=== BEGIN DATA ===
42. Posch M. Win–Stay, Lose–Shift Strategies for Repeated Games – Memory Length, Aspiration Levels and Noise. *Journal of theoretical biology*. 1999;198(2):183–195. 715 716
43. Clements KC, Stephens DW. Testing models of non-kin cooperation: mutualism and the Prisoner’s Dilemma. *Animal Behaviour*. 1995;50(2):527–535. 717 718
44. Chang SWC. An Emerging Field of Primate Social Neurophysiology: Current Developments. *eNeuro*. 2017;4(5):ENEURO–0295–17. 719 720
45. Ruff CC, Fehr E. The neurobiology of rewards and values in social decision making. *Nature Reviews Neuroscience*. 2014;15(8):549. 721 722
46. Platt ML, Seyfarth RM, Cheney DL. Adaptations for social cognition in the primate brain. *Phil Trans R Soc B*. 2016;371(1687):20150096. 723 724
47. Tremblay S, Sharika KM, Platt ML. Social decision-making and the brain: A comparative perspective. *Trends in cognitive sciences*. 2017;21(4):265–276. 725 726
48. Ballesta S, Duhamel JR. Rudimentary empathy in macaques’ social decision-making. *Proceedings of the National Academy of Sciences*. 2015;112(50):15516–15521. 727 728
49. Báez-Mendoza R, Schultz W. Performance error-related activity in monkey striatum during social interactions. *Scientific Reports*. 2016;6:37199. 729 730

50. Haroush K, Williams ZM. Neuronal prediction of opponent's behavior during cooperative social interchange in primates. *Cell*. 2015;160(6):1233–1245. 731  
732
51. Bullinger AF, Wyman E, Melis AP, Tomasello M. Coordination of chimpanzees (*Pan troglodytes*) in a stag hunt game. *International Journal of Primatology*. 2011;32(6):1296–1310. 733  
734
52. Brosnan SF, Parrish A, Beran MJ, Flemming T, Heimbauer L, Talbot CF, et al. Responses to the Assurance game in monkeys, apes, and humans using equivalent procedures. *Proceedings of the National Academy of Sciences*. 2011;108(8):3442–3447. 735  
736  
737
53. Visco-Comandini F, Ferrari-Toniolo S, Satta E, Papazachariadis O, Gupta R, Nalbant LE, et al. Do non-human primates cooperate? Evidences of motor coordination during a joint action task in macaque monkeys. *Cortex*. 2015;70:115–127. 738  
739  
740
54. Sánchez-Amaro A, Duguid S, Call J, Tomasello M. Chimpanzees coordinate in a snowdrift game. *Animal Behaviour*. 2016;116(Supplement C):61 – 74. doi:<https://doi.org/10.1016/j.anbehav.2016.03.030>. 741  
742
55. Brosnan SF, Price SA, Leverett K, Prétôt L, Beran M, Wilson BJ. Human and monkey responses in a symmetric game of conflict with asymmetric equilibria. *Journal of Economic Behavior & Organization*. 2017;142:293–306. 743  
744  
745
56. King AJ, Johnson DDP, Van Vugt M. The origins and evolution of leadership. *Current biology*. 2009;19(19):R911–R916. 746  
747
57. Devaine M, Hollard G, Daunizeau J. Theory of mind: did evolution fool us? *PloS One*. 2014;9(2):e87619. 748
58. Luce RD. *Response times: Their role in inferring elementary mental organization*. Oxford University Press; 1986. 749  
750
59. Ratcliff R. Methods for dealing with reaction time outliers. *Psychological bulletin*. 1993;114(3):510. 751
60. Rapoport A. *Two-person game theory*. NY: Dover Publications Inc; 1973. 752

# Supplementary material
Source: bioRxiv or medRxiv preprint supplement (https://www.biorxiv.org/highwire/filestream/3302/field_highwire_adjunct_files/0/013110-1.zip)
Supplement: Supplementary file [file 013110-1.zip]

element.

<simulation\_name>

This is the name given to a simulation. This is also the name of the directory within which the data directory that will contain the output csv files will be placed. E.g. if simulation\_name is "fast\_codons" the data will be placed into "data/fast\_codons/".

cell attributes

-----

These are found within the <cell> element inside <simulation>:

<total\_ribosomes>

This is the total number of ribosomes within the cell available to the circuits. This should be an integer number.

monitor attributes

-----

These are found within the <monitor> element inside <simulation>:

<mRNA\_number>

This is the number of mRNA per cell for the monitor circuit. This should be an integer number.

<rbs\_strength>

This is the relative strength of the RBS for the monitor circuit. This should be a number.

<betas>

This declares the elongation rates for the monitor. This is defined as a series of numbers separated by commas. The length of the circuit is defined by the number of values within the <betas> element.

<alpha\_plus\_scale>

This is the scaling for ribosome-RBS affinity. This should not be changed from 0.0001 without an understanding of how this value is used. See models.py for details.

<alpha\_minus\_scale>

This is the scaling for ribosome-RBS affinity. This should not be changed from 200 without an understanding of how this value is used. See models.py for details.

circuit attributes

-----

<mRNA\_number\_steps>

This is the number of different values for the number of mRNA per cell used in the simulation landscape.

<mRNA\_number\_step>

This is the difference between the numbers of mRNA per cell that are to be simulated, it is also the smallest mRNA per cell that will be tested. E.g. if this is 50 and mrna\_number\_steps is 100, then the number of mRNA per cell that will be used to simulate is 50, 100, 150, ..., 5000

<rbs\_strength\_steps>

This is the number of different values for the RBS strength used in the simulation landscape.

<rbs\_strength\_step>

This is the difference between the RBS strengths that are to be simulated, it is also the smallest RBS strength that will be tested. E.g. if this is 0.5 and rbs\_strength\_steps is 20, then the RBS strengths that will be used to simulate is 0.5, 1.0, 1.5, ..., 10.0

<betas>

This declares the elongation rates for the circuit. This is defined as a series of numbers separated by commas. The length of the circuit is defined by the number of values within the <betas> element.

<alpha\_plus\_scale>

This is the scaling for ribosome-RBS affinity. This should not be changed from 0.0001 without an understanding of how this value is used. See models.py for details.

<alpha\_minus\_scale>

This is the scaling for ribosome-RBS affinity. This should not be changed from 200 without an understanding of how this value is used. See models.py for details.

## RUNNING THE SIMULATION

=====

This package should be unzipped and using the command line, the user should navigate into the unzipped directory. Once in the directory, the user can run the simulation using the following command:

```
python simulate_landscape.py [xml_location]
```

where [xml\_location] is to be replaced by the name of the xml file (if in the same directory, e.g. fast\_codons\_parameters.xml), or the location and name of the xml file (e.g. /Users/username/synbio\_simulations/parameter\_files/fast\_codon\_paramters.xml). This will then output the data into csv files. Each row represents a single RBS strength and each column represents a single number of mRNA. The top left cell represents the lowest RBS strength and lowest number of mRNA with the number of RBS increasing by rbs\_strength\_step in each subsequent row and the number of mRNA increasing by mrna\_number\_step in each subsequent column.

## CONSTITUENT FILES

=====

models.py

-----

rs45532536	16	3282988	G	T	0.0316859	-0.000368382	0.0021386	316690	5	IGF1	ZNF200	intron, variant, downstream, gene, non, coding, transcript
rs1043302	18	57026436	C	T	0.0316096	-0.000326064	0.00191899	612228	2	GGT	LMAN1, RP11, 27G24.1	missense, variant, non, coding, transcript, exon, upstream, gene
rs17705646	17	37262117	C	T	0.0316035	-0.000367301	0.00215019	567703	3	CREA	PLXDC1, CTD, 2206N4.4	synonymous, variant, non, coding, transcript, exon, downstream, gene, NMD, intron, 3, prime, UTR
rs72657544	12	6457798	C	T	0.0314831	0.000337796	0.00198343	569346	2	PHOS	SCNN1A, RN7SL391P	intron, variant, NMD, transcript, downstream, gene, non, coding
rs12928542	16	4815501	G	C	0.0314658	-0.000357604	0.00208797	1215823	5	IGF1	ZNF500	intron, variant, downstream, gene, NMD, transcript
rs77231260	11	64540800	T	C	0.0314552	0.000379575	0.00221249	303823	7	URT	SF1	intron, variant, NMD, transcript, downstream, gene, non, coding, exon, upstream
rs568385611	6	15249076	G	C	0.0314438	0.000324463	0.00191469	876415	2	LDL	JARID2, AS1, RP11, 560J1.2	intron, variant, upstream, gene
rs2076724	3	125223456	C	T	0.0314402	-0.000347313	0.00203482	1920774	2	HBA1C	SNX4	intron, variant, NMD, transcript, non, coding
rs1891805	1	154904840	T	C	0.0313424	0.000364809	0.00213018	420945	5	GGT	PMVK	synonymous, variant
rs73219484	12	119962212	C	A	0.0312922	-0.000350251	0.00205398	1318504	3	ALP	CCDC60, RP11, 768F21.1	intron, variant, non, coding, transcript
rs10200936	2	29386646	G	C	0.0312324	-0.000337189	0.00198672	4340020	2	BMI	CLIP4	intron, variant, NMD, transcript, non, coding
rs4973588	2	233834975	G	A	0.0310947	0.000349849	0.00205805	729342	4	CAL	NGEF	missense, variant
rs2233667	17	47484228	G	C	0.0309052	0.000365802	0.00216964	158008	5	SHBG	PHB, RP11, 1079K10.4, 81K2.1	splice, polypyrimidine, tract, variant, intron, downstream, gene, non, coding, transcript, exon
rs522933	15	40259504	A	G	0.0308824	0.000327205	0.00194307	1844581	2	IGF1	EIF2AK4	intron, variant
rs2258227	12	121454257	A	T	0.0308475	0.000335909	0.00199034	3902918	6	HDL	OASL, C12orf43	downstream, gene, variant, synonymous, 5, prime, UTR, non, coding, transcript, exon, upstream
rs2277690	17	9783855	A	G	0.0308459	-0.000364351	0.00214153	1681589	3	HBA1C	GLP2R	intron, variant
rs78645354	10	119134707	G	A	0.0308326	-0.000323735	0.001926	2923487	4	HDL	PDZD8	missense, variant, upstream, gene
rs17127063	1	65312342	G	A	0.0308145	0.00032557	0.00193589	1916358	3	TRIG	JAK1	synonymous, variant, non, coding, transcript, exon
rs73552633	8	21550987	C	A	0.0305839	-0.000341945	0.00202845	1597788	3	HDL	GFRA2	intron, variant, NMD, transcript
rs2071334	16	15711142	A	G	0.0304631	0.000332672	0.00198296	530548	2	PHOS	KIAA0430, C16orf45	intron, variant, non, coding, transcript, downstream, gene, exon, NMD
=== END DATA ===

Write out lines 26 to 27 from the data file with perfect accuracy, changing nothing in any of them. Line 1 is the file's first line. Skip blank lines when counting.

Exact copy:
57. Devaine M, Hollard G, Daunizeau J. Theory of mind: did evolution fool us? *PloS One*. 2014;9(2):e87619. 748
58. Luce RD. *Response times: Their role in inferring elementary mental organization*. Oxford University Press; 1986. 749  